5. Armscye curve (French curves work great for this purpose as well.)
8. Tracing paper (architectural vellum is study and easier to use than tissue)
9. Lightweight interfacing
A dressmaker's mannequin is helpful if you plan to draft a lot of patterns, but it's not a requirement. I'll be demonstrating all the steps on my mannequin, as I cannot demonstrate on myself, but if you have a friend who can help you with measurements and fit-checking, you will not need a mannequin.
I use my mannequin with the wonderful Fit System from Fabulous Fit . This involves a knit pullover and a variety of foam pads to help round out your mannequin more realistically. Most dressmaker's dummies look a bit like a Barbie(™) doll--perfectly flat abs and a hard bustline. ;-) Here's where we start to make adjustments for reality.
This is the fitting system from Fabulous Fit (right). I'm going to show you how to use it on a standard mannequin.
This is the mannequin wearing the knit pullover with no padding(below, left). I really don't know anyone who looks like this. If you do, congrats! Now the rest of us will get on with padding the bust, hipline, and stomach areas. ;-)
Here I have placed a stomach pad and two hip pads. The pullover is rolled up out of the way (below, right).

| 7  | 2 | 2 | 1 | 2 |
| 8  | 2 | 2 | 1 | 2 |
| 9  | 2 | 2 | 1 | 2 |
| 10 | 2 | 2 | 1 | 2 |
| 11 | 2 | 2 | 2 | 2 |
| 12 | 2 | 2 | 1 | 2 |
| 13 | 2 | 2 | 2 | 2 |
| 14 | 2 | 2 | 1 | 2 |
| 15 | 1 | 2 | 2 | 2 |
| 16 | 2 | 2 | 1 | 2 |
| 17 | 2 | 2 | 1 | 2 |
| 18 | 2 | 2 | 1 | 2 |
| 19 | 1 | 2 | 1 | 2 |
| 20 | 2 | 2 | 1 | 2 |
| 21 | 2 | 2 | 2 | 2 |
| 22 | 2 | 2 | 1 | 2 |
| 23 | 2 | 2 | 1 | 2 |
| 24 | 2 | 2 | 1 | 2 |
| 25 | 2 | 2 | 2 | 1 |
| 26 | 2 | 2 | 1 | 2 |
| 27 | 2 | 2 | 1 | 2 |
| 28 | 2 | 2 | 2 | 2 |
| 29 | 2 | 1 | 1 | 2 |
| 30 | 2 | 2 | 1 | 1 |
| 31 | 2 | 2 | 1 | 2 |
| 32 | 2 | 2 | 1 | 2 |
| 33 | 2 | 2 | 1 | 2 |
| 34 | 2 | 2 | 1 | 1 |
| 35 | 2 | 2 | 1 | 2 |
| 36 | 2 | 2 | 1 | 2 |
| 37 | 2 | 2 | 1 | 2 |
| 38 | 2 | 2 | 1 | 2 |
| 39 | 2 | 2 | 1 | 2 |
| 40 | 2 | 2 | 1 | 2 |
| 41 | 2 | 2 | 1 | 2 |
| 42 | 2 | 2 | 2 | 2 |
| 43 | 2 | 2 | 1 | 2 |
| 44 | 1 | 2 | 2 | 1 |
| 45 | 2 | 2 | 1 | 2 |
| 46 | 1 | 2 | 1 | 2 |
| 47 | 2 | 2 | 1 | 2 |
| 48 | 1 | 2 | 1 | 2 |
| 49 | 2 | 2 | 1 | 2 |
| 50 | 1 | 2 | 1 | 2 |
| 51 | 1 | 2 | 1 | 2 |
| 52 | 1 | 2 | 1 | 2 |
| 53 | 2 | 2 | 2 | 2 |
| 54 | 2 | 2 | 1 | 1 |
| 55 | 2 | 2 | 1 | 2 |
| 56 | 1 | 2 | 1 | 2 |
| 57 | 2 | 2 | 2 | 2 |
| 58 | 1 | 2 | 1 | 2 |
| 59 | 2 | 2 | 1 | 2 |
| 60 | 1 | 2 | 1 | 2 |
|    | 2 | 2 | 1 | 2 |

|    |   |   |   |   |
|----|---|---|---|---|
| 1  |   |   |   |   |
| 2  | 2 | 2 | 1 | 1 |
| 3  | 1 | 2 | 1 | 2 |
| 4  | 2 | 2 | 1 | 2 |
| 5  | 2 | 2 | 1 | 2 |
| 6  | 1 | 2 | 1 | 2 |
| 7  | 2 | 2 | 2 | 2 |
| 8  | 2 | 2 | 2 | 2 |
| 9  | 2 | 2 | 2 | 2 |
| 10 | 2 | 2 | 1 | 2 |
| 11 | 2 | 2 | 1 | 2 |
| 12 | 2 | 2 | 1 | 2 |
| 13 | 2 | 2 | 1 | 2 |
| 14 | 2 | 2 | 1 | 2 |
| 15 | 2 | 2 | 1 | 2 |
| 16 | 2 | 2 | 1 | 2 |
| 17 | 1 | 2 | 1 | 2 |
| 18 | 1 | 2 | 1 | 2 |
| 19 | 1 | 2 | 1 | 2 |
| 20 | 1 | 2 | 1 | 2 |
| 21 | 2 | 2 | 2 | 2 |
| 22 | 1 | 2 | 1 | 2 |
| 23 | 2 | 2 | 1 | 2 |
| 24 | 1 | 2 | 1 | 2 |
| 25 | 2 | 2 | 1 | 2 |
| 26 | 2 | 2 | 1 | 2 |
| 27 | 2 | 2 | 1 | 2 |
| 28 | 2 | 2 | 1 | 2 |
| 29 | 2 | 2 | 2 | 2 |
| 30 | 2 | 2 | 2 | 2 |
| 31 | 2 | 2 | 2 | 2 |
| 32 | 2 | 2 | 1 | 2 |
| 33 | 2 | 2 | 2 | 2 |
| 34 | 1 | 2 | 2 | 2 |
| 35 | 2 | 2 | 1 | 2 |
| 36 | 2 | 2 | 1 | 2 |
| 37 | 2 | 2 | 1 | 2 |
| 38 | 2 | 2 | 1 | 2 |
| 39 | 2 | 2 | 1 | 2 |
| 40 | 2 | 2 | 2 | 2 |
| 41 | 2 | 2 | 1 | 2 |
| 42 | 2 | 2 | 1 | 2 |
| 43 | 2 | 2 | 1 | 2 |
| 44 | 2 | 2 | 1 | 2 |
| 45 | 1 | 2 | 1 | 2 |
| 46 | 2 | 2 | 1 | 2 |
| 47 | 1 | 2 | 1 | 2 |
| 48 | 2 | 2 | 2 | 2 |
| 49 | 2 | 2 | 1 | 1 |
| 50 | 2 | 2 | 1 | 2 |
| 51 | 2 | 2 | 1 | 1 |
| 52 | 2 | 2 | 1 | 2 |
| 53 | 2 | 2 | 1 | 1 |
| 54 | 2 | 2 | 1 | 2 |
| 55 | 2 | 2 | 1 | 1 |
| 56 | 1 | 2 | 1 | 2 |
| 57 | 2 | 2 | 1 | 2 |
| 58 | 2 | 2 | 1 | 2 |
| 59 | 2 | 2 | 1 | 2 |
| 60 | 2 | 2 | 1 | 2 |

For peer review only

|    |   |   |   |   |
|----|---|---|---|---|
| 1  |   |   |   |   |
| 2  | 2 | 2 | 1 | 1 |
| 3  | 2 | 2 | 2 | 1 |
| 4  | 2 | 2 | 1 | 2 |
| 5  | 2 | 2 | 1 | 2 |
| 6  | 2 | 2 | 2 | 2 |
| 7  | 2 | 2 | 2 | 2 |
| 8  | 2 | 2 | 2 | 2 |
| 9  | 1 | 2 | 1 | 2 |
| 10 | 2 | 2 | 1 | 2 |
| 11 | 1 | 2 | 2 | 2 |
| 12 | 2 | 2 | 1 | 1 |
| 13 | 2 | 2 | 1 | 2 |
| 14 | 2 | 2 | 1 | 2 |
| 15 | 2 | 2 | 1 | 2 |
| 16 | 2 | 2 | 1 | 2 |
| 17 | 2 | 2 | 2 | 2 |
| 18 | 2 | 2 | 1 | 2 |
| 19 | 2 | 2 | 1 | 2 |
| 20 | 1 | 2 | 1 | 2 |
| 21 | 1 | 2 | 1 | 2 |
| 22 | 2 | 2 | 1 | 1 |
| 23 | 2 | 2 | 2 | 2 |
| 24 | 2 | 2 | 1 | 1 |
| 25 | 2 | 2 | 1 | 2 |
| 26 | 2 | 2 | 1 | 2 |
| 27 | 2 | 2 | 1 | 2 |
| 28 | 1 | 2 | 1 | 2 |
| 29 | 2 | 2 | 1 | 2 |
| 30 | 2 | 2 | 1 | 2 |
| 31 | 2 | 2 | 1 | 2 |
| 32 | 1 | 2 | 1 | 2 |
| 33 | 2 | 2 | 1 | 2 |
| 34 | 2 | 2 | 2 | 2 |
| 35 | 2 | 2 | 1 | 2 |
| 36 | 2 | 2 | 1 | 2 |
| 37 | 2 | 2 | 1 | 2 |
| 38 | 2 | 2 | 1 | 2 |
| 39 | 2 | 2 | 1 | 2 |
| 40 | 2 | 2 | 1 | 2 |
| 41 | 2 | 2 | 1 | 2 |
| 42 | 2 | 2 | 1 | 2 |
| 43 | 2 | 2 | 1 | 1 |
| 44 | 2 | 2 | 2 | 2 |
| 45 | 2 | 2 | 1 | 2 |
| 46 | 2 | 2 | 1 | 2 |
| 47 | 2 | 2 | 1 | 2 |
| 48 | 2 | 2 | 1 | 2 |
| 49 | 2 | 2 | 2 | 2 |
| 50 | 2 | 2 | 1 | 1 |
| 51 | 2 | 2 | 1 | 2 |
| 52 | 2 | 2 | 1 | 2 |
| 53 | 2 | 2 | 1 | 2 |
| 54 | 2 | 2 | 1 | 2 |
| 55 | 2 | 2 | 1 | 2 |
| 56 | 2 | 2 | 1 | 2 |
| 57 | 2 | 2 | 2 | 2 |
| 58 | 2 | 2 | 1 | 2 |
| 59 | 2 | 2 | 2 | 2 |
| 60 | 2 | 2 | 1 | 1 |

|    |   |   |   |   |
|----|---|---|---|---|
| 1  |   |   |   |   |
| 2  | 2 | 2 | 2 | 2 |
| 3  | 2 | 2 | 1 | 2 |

Now I've rolled the pullover smoothly down to hold the padding in place. You can see that I've placed bust pads to give this "lady" a B-cup instead of an A. (We'll talk about cup sizes in more detail in lesson two.) Here's the side view(below, right). As you can see, the tummy now has a natural roundness to it.
Now, you don't have to own the Fabulous Fit system to pad a mannequin. You can do it with a fitted tee-shirt (get one a couple of sizes smaller than the mannequin) and poly stuffing material or cotton wadding. It will take a bit more smoothing to make sure you get a nice contour, but it's definitely do-able. Personally, I prefer to pad a mannequin no matter what, because it makes the form pinnable and easier to use.
When I draft patterns I intend to sell, I plug in the standard measurements used by the "Big Four" pattern companies. These measurements are on the back of all their pattern envelopes, but you can also find them online. (Here is a chart that has the European size equivalents). If you stick to these standardized sizes for patterns, then customers will know when purchasing a pattern from you that a US size 14 from you is the same as a 14 from any of the big pattern companies.